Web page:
Pediatric Annals

BOOK REVIEWS 

HUMAN EMBRYONIC AND FETAL DEATH

Barbara F Crandall, MD

Abstract

I. H. Porter and E.B. Hook, eds. HUMAN EMBRYONIC AND FETAL DEATH New York: Academic Press, 1981 $27.00

This book reports the proceedings of the Tenth Annual Birth Defects Institute symposium, held in Albany, New York, in October, 1979. The book is an analytical review of various aspects of loss with little emphasis on management.

Prenatal mortality in experimental animals and nonhuman primates is examined in two chapters. An interesting section deals with genetic causes of fetal wastage in mice. The Central Laboratory of Human Embryology, University of Washington, provides some interesting and useful data resulting from the painstaking examination of a large number of unselected spontaneous abortions. It is quite clear that the incidence of spontaneous abortions, both chromosomally normal and abnormal, increases as maternal age exceeds 35 years. Environmental factors are covered in several chapters and include possible occupational hazards (for which more studies are needed), infections, and radiation during pregnancy. The outcome of the Dutch war-famine and the effects of supplemental diets in a New York City study are included in a chapter analyzing possible dietary etiologies. Particularly, ethanol consumption, and also smoking, appear to show a relationship to fetal loss.

Two excellent chapters deal with chromosome abnormalities, known to occur in about 50 percent of recognized fetal deaths. One chapter analyzes these according to type, maternal age and socioeconomic level; the second attempts to identify the source of these abnormalities, concluding that 92 percent of trisomies in spontaneous abortions result from maternal meiotic errors. Triploidy, seen in 16 percent of chromosomally-abnormal abortions, usually results from double fertilization of the egg. There is a helpful chapter on genetic counselling for couples with reproductive loss. The editors include some very useful tables on spontaneous fetal death rates byyear, maternal age, race and gestational period. In addition, Dr. Warkany provides a delightful historical note concerning malformations.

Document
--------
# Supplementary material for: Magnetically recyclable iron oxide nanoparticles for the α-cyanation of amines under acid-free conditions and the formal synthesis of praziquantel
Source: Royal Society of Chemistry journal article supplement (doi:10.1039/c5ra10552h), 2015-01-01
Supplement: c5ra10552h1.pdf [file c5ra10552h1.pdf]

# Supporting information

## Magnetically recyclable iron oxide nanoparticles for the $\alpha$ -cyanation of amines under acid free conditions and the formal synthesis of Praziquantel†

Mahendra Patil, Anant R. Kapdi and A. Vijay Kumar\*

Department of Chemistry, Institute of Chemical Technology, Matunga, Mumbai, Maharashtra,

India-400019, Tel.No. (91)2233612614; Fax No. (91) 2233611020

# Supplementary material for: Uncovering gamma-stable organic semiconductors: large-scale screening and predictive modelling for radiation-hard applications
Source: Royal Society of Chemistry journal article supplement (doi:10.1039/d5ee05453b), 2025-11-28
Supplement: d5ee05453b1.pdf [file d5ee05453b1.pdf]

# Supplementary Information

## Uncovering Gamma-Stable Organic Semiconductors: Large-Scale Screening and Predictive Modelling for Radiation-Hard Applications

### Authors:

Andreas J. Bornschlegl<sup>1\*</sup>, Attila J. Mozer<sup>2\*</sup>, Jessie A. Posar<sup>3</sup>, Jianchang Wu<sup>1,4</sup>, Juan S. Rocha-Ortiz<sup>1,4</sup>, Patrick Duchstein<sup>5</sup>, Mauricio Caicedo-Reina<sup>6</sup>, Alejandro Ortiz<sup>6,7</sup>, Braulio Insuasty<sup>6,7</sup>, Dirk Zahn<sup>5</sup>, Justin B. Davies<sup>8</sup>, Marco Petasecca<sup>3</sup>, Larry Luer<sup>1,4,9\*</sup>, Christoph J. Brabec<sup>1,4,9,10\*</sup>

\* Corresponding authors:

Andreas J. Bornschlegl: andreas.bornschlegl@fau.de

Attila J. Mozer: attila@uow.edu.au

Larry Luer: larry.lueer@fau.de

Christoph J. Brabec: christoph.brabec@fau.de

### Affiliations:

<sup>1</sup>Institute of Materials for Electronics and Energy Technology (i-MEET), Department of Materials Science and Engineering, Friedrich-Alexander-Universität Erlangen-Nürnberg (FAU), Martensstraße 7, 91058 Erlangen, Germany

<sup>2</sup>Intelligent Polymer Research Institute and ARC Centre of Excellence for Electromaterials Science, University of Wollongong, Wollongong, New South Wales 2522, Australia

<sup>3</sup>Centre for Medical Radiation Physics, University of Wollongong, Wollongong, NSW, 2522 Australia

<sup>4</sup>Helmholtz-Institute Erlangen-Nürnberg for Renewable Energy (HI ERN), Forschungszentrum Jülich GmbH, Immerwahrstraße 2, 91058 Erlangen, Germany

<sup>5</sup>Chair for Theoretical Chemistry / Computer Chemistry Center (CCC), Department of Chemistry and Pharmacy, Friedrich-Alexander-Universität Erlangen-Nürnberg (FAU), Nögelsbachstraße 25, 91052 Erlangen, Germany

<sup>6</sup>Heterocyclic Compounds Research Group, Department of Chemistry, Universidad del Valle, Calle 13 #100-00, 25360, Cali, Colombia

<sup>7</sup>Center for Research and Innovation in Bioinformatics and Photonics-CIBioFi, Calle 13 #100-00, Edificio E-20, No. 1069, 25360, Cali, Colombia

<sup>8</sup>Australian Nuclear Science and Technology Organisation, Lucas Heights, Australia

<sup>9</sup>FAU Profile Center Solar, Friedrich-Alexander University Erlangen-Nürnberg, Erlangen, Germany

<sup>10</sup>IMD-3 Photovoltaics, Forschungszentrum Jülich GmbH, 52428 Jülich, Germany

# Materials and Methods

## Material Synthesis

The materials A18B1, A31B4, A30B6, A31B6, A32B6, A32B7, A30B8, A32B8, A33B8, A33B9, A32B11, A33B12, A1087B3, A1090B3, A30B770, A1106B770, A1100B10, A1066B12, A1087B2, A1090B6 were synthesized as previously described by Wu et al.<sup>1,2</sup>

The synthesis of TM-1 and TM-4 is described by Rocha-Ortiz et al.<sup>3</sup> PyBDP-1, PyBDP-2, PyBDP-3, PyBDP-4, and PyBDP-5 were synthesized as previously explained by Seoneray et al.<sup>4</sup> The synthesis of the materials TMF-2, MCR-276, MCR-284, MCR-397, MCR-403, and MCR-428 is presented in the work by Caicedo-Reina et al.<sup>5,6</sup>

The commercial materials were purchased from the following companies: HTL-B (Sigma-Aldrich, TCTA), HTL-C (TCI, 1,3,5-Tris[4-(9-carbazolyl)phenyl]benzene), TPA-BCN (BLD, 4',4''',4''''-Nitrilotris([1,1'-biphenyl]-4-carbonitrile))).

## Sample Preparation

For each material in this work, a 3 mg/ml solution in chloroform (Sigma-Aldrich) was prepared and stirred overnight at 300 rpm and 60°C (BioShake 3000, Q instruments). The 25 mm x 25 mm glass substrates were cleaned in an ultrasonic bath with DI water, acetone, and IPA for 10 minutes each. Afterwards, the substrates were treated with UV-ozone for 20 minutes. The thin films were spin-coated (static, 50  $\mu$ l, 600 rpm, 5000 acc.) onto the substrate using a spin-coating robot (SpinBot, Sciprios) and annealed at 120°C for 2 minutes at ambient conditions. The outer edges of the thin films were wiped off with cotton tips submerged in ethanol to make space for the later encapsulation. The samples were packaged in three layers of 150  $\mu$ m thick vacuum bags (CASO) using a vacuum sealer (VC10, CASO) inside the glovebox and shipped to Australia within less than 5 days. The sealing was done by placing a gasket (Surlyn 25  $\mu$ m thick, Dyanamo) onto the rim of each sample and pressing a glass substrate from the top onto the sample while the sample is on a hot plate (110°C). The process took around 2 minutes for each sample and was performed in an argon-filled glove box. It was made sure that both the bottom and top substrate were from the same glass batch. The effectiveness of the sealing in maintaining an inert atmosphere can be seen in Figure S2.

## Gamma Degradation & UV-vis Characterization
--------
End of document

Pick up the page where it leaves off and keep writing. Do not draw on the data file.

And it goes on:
At $27.00, the book is reasonably priced and well-produced. It contains a lot of useful information under one cover. It could be a useful addition for certain pediatricians who care for and advise families with congenital malformations; although the subject is spontaneous abortion, there is a continuum from fetal loss to developmental defects. Early education concerning the effects of alcohol, smoking, etc. on pregnancy outcomes also involve the pediatrician.…

I. H. Porter and E.B. Hook, eds. HUMAN EMBRYONIC AND FETAL DEATH New York: Academic Press, 1981 $27.00

This book reports the proceedings of the Tenth Annual Birth Defects Institute symposium, held in Albany, New York, in October, 1979. The book is an analytical review of various aspects of loss with little emphasis on management.

Prenatal mortality in experimental animals and nonhuman primates is examined in two chapters. An interesting section deals with genetic causes of fetal wastage in mice. The Central Laboratory of Human Embryology, University of Washington, provides some interesting and useful data resulting from the painstaking examination of a large number of unselected spontaneous abortions. It is quite clear that the incidence of spontaneous abortions, both chromosomally normal and abnormal, increases as maternal age exceeds 35 years. Environmental factors are covered in several chapters and include possible occupational hazards (for which more studies are needed), infections, and radiation during pregnancy. The outcome of the Dutch war-famine and the effects of supplemental diets in a New York City study are included in a chapter analyzing possible dietary etiologies. Particularly, ethanol consumption, and also smoking, appear to show a relationship to fetal loss.

Two excellent chapters deal with chromosome abnormalities, known to occur in about 50 percent of recognized fetal deaths. One chapter analyzes these according to type, maternal age and socioeconomic level; the second attempts to identify the source of these abnormalities, concluding that 92 percent of trisomies in spontaneous abortions result from maternal meiotic errors. Triploidy, seen in 16 percent of chromosomally-abnormal abortions, usually results from double fertilization of the egg. There is a helpful chapter on genetic counselling for couples with reproductive loss. The editors include some very useful tables on spontaneous fetal death rates byyear, maternal age, race and gestational period. In addition, Dr. Warkany provides a delightful historical note concerning malformations.

At $27.00, the book is reasonably priced and well-produced. It contains a lot of useful information under one cover. It could be a useful addition for certain pediatricians who care for and advise families with congenital malformations; although the subject is spontaneous abortion, there is a continuum from fetal loss to developmental defects. Early education concerning the effects of alcohol, smoking, etc. on pregnancy outcomes also involve the pediatrician.

10.3928/0090-4481-19820401-12

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